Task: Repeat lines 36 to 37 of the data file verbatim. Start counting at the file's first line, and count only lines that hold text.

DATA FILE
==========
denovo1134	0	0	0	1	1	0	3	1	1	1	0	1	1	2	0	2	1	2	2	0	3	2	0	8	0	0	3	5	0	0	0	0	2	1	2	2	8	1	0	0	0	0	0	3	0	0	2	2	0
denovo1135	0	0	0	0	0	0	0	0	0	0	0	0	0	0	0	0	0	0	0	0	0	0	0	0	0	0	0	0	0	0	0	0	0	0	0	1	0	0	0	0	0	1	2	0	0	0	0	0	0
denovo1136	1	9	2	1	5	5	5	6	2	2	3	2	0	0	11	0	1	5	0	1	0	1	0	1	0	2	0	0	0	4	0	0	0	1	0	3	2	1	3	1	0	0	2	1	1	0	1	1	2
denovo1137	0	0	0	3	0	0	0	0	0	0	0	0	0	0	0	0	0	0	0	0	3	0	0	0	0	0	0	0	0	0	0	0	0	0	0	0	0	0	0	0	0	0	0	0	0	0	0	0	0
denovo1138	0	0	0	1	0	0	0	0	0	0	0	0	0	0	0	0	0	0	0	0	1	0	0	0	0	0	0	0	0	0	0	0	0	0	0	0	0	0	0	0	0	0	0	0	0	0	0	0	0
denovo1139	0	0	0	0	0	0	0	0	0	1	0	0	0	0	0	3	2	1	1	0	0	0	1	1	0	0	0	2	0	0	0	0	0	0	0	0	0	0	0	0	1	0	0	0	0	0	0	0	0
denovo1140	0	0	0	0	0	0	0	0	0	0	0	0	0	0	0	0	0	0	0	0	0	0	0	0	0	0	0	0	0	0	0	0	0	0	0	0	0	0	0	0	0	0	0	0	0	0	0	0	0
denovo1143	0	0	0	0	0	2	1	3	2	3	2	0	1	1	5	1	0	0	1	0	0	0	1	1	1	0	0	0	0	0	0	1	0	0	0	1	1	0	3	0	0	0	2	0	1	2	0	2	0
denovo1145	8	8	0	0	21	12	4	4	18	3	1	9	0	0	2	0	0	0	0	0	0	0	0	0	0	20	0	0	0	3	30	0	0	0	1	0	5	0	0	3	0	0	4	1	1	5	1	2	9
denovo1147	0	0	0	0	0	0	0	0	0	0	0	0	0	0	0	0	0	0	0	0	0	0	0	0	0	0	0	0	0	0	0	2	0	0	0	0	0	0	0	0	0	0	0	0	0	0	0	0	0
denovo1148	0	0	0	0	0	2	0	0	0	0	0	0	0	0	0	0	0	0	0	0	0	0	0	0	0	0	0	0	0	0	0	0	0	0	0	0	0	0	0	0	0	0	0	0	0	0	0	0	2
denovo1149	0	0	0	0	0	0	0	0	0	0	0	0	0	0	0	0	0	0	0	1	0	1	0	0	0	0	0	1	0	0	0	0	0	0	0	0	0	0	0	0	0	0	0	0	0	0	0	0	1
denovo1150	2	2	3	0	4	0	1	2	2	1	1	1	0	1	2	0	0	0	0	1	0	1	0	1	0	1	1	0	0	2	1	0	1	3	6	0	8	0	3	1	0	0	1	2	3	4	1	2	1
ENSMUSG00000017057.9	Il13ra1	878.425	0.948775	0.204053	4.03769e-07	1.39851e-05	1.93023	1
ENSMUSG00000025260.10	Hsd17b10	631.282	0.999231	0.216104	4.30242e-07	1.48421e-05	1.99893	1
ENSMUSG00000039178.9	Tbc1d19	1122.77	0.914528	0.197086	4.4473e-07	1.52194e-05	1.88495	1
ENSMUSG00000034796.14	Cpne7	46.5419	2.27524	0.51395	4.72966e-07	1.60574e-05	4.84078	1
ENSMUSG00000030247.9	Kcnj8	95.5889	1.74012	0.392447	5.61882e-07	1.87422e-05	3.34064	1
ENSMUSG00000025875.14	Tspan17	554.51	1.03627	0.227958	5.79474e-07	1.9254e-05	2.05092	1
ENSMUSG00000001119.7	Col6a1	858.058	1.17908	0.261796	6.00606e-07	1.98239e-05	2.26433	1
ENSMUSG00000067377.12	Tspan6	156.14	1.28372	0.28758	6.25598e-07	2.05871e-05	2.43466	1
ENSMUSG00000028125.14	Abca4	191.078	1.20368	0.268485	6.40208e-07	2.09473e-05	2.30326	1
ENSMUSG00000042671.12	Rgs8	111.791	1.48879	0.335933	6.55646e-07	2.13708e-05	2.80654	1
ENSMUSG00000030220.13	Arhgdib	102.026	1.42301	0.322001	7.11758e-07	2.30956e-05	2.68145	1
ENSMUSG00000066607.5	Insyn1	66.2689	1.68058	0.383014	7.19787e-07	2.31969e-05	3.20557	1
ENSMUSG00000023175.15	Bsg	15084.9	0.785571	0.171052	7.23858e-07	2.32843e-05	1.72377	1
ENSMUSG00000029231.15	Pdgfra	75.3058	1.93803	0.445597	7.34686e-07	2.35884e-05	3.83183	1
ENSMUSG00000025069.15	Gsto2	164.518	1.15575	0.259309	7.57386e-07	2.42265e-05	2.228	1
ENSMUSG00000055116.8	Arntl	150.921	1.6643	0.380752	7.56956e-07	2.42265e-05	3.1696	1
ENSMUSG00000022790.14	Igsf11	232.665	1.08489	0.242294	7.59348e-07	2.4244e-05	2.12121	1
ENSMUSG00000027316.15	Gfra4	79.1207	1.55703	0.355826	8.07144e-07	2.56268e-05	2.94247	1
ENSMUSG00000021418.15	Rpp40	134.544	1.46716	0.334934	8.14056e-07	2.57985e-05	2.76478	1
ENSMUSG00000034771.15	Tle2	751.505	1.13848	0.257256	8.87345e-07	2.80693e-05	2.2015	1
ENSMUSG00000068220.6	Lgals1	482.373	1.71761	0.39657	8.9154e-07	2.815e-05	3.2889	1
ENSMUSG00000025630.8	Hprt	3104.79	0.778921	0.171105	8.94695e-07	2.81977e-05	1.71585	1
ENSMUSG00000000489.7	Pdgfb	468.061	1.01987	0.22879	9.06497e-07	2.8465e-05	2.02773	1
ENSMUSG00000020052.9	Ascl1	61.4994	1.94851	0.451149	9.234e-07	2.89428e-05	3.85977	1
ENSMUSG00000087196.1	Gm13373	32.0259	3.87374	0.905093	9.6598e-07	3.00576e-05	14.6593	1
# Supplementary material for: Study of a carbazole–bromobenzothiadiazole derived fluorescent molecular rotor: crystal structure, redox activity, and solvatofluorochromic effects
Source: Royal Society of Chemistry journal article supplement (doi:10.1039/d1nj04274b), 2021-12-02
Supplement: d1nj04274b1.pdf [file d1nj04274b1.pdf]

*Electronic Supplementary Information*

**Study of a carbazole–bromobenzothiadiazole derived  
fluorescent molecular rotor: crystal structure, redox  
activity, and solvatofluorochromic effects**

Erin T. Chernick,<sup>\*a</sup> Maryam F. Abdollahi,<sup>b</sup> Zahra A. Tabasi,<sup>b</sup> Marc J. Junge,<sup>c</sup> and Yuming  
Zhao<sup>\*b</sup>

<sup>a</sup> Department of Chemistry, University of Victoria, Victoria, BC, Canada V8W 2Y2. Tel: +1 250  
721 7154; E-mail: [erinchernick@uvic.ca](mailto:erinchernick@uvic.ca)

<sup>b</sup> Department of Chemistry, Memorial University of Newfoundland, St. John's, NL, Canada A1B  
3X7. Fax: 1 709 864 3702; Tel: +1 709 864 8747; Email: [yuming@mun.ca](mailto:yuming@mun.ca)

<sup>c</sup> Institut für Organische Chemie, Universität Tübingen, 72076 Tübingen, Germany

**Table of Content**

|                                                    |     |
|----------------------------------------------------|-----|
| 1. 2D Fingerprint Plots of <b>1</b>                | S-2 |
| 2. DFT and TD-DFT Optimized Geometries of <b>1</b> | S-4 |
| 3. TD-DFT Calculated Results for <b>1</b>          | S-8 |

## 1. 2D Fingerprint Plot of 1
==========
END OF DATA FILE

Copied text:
ENSMUSG00000000489.7	Pdgfb	468.061	1.01987	0.22879	9.06497e-07	2.8465e-05	2.02773	1
ENSMUSG00000020052.9	Ascl1	61.4994	1.94851	0.451149	9.234e-07	2.89428e-05	3.85977	1